7. Louis Weichardt quoted in Cape Times, 27 Oct. 1933.
  8. See Shain, Perfect Storm, 62–75.
  9. See ibid., ch. 3.
  10. See Sally Peberdy, Selecting Immigrants: National Identity and South Africa’s Immigration Policies 1910–2008 (Johannesburg: Witwatersrand University Press, 2009), 65–70.
  11. See Shain, Perfect Storm, 194–206.
  12. See William Henry Vatcher, White Laager: The Rise of Afrikaner Nationalism (New York and London: Frederick Praeger, 1965), 65–9; Furlong, Between Crown and Swastika, ch. 6; Christoph Marx, Oxwagon Sentinel: Radical Afrikaner Nationalism and the History of the Ossewabrandwag (Pretoria: University of South Africa Press, 2008).
  13. See Shain, Perfect Storm, 265.
  14. Some commentators chose to deny these realities: see Shain, Perfect Storm, 269– 70; Milton Shain, “South Africa”, in The World Reacts to the Holocaust, ed. David Wyman (Baltimore: Johns Hopkins University Press, 1996), 676–7.
  15. See Shain, Perfect Storm, 285.
  16. In specifying “race”, formal documents often included “Hebrew” as a racial designation: see e.g. Government Notice 665 of 1937, Form D (1) (10), Clause 5 (b).
  17. For this involvement see Gideon Shimoni, Community and Conscience: The Jews in Apartheid South Africa (Hanover and London: University of New England Press, 2003), chs. 2, 3.
  18. For Israeli ties with apartheid South Africa see Sasha Polakow-Suransky, The Unspoken Alliance: Israel’s Secret Relationship with Apartheid South Africa (Cape Town: Jacana Media, 2010).
  19. See Milton Shain, Fascists, Fabricators and Fantasists: Antisemitism in South Africa from 1948 to the Present (Johannesburg: Jacana Media, 2023), chs. 2, 4.
  20. South African Observer, Sept. 1976.
  21. See Die Afrikaner, 13 April 1970.
  22. Shain, Fascists, Fabricators and Fantasists, 92–3.
  23. See Tzippi Hoffman and Alan Fischer, The Jews in South Africa: What Future? (Johannesburg: Jonathan Ball Publishers, 1988), 185–9; Shain, Fascists, Fabricators and Fantasists, 99–102.
  24. See Shain, Fascists, Fabricators and Fantasists, 108–15.
  25. Melville Edelstein, “What do young Africans think?” (Johannesburg: South African Institute of Relations, 1972). For another study illustrating similar findings see Stuart Buxbaum, “The Social Distance Attitudes of a Sample of African and Coloured Matriculation Pupils: A Preliminary Analysis” (Honours diss., University of the Witwatersrand, 1970).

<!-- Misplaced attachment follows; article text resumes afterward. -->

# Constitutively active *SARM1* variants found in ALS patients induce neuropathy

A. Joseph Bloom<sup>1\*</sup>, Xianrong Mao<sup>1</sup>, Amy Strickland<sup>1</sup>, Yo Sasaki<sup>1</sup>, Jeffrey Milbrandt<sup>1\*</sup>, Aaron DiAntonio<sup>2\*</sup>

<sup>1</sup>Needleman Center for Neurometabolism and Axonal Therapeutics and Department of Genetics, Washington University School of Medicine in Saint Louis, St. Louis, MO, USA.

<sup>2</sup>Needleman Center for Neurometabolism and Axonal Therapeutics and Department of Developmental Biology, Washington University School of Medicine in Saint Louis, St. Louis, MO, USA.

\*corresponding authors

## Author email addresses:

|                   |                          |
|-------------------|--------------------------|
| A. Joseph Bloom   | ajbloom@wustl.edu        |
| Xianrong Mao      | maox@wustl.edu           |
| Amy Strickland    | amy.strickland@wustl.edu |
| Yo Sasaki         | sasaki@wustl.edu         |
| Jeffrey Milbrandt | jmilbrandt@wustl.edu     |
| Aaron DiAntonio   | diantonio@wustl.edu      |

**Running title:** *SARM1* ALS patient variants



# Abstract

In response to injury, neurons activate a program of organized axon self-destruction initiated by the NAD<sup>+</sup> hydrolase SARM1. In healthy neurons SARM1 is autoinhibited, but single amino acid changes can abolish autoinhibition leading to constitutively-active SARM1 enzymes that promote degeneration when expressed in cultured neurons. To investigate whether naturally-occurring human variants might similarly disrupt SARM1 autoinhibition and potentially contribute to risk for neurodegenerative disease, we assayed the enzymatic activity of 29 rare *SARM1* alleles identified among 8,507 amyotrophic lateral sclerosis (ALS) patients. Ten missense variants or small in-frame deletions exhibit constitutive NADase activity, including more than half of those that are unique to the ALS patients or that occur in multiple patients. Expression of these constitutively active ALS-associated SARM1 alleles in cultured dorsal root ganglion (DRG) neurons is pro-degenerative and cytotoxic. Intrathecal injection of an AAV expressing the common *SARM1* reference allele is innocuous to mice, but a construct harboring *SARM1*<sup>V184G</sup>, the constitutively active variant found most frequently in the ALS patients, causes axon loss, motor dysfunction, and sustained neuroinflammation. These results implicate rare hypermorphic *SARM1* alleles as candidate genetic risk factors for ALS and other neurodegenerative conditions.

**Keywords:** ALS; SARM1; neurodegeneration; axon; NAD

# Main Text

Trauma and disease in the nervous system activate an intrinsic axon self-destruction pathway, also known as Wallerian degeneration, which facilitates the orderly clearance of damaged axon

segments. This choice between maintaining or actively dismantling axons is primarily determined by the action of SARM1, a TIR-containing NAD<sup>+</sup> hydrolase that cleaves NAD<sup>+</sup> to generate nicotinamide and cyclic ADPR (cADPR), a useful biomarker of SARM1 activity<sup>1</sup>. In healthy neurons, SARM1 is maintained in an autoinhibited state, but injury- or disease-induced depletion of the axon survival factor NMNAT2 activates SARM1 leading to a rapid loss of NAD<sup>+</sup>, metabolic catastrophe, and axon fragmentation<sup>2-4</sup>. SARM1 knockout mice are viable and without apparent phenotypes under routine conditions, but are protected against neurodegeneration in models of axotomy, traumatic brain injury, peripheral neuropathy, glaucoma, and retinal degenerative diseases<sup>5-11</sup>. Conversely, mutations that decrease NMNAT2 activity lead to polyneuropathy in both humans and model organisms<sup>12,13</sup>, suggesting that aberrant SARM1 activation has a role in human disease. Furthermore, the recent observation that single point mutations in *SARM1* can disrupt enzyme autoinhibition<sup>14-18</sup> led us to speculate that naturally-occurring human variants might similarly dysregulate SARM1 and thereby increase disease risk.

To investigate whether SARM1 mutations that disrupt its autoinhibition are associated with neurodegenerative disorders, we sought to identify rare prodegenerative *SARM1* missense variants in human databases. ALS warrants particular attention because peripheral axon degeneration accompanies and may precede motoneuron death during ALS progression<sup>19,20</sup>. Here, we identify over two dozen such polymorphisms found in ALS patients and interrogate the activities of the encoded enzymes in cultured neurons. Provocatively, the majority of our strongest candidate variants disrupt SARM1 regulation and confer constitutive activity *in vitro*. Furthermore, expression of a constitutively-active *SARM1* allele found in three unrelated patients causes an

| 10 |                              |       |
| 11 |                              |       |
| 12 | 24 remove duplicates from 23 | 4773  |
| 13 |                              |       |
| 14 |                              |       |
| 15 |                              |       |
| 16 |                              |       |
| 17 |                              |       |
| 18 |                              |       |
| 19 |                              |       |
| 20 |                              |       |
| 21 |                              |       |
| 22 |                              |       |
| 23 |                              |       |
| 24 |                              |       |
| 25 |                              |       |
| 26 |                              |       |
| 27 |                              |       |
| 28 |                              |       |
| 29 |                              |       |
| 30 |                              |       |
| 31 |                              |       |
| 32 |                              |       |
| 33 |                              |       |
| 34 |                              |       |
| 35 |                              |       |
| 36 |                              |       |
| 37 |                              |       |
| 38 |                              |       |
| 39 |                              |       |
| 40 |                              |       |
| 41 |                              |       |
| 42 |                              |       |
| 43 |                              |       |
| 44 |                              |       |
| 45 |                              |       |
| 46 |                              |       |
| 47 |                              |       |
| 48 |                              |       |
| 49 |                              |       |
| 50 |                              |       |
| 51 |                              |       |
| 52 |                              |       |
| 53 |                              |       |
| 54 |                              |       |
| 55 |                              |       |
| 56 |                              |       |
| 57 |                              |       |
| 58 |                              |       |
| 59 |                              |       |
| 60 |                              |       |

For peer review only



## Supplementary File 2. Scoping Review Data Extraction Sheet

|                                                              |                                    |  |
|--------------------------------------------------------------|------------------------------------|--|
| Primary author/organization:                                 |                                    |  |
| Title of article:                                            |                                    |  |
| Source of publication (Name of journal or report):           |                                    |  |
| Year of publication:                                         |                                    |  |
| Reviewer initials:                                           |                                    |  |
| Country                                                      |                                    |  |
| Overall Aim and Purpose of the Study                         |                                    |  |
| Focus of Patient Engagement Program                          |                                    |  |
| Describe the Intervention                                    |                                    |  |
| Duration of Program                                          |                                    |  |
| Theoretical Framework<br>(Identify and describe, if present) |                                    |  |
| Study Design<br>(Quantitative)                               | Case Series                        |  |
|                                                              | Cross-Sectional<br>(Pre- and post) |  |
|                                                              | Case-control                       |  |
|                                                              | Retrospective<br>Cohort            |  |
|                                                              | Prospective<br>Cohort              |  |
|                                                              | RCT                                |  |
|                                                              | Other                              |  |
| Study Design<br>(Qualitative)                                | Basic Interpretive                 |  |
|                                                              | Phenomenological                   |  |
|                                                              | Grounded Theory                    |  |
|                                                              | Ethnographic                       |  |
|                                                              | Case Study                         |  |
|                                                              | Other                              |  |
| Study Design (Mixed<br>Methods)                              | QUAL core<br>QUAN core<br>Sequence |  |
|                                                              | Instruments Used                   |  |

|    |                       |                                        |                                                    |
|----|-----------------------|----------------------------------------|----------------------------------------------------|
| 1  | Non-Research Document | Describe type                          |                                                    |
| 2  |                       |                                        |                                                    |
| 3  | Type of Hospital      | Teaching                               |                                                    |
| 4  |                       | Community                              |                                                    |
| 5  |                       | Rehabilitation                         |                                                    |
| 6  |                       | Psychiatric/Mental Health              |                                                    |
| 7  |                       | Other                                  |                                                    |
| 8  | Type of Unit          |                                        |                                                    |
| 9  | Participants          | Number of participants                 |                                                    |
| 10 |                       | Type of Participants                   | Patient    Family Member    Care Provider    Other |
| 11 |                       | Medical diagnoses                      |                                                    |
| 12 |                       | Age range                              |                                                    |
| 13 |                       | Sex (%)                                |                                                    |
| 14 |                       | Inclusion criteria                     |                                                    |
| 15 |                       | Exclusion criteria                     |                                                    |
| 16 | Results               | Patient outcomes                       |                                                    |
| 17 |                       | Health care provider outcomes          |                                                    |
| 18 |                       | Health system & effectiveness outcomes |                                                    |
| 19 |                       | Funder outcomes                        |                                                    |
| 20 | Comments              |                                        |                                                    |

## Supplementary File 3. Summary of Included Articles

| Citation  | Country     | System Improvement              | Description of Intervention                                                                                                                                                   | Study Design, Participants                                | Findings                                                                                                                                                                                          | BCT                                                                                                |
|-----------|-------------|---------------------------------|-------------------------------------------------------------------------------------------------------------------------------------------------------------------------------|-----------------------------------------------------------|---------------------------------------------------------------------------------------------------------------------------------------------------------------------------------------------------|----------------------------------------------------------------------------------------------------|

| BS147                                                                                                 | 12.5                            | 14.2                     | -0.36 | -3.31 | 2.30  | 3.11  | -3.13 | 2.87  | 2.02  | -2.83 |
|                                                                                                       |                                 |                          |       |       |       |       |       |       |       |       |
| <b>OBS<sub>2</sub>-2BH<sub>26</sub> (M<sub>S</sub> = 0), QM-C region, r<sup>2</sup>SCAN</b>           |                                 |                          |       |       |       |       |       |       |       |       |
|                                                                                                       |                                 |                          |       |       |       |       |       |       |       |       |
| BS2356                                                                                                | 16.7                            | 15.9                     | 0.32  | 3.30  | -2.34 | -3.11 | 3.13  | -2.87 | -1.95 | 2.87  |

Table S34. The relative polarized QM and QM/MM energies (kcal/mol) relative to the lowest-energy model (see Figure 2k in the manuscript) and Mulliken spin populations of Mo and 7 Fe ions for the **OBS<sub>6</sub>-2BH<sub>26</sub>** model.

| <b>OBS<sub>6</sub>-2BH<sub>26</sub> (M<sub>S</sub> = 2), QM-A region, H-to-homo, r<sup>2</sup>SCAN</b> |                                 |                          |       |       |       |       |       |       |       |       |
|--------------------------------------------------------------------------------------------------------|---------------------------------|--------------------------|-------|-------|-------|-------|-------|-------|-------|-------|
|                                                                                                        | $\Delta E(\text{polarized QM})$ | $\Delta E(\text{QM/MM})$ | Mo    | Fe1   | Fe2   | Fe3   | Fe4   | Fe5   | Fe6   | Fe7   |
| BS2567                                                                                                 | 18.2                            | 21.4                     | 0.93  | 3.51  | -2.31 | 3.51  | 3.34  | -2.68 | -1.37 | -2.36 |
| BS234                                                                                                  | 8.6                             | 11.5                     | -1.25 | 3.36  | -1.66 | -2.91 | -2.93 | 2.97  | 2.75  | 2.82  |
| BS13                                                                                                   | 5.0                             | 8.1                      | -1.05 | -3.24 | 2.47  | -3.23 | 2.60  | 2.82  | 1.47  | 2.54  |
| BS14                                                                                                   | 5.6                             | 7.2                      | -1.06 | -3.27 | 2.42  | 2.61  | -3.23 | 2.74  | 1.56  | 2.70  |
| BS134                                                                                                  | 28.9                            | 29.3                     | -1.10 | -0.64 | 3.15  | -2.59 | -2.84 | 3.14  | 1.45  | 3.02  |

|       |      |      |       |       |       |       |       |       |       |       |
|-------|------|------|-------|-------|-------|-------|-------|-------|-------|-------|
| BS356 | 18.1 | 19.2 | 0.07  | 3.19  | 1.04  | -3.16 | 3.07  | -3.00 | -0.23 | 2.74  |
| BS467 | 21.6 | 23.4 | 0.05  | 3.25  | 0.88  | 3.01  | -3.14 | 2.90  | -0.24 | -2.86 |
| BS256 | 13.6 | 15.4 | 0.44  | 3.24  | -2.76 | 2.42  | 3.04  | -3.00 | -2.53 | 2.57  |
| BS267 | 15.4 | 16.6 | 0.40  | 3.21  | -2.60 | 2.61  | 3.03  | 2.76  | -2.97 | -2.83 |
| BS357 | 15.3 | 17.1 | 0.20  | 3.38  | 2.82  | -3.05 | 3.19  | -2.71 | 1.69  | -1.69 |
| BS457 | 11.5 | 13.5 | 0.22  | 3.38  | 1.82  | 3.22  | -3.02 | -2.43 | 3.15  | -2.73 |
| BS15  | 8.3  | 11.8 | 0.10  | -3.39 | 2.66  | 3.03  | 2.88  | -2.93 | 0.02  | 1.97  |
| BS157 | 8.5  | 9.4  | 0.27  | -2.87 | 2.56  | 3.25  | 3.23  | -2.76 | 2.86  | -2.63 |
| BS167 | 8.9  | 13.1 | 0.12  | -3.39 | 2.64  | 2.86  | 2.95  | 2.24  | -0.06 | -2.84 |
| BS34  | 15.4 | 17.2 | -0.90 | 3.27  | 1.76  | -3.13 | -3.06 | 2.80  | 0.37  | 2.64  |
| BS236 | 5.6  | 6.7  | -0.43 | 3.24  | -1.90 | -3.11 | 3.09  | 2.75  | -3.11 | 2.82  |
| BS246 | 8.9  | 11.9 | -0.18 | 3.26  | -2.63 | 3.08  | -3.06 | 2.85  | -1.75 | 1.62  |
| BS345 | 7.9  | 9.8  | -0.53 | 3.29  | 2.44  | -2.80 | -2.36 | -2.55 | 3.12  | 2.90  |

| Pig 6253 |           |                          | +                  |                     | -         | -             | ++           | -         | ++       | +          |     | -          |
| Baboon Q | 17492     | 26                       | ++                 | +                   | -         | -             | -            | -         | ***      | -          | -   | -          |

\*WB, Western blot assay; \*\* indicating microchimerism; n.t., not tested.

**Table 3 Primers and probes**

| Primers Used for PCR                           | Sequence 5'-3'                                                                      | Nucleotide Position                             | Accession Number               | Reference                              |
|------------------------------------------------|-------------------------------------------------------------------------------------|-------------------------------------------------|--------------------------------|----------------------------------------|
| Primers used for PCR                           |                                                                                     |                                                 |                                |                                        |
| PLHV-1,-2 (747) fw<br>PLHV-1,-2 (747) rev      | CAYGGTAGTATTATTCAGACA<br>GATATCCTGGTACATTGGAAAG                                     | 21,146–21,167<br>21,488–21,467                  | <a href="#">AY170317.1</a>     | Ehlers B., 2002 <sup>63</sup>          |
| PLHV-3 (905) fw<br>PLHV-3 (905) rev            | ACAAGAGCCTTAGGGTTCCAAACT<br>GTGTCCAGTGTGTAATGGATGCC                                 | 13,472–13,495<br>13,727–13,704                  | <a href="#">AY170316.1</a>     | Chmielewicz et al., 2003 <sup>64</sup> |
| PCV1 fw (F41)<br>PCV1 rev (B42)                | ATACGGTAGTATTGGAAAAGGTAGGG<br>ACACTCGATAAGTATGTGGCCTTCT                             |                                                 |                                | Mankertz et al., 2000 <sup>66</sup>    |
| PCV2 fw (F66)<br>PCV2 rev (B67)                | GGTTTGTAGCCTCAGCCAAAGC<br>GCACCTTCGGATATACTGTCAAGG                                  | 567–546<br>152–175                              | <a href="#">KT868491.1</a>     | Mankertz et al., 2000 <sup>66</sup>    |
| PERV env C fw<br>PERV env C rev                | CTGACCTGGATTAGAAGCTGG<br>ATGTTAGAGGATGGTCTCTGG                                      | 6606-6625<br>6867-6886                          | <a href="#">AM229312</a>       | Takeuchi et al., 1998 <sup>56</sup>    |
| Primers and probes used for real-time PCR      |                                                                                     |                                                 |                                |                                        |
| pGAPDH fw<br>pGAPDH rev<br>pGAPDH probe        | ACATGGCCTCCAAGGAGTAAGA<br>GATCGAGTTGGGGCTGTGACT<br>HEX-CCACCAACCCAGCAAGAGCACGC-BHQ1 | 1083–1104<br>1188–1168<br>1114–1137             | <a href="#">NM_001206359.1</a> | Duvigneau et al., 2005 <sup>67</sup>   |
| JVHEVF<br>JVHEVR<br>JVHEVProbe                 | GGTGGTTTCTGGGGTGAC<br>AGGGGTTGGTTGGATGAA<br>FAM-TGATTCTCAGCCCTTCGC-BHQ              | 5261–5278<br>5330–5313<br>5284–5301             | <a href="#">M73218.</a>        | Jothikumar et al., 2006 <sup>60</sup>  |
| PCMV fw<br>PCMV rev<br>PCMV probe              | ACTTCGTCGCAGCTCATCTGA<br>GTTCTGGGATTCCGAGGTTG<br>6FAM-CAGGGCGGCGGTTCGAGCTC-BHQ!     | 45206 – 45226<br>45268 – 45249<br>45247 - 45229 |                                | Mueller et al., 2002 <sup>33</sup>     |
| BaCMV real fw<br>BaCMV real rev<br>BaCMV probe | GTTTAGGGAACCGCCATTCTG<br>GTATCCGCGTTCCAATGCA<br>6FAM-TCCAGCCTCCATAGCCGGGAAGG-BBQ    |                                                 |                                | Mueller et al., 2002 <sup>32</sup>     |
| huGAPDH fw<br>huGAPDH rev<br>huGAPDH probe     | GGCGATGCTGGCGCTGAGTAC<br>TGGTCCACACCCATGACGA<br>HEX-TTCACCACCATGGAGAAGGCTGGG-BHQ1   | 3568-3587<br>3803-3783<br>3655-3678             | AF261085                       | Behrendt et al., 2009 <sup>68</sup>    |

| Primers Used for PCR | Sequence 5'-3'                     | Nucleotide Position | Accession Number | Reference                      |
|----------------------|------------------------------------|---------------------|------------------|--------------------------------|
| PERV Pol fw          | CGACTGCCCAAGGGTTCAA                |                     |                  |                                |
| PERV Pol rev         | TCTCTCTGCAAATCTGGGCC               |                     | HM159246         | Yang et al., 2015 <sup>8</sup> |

26. Melville Edelstein, “The Urban African Image of the Jew”, Jewish Affairs 27, no. 2 (1972): 6–8.
  27. See Marcia Leveson, The People of the Book: Images of the Jew in South African English Fiction, 1890–1992 (Johannesburg: Witwatersrand University Press, 1996).
  28. For an overview see Milton Shain and Margo Bastos, “Muslim Antisemitism and Anti-Zionism in South Africa since 1945”, Antisemitism International 3–4 (2006):18–30.
  29. See Farid Esack, “Three Islamic Strands in the South African Struggle for Justice,” Third World Quarterly 10, no. 2 (1988): 33; Abdulkader Tayob, Islamic Resurgence in South Africa (Cape Town: University of Cape Town Press, 1995), 122.
  30. See Tayob, Islamic Resurgence, 140; Muhammed Haron, “The Muslim News (1960–1986): Expressions of Islamic Identity in South Africa”, in Muslim Identity and Social Change in Sub-Saharan Africa, ed. Louis Brenner (London: Hurst, 1993), 222–3. In searching for a “socially relevant Islam”, South African Muslims increasingly became acquainted with the anti-state writings of Abdul A’la Mawdudi (1903–1979) and Sayyid Qutb (1906–1966), whose writings were serialized in Islamic Mission, a newsletter started by the Claremont Muslim Youth Association.
  31. See Tayob, Islamic Resurgence, ch. 3; Desmond Charles Rice, “Islamic Fundamentalism as a Major Religiopolitical Movement and its Impact on South Africa” (M.A. diss., University of Cape Town, 1987), 438–52.
  32. Ebrahim Rasool, interview in Hoffman and Fischer, Jews in South Africa, 118.
  33. Ibid., passim.
  34. E.g. P. J. Pretorius, Volksverraad: Die Geskiedenis agter die Geskiedenis (Mossel Baai: Libanon Uitgewers, 1996); Advocate Pretorius claimed that the fall of the Afrikaner was plotted by the Illuminati, a secret society organized by Jews and supposedly in control of the world.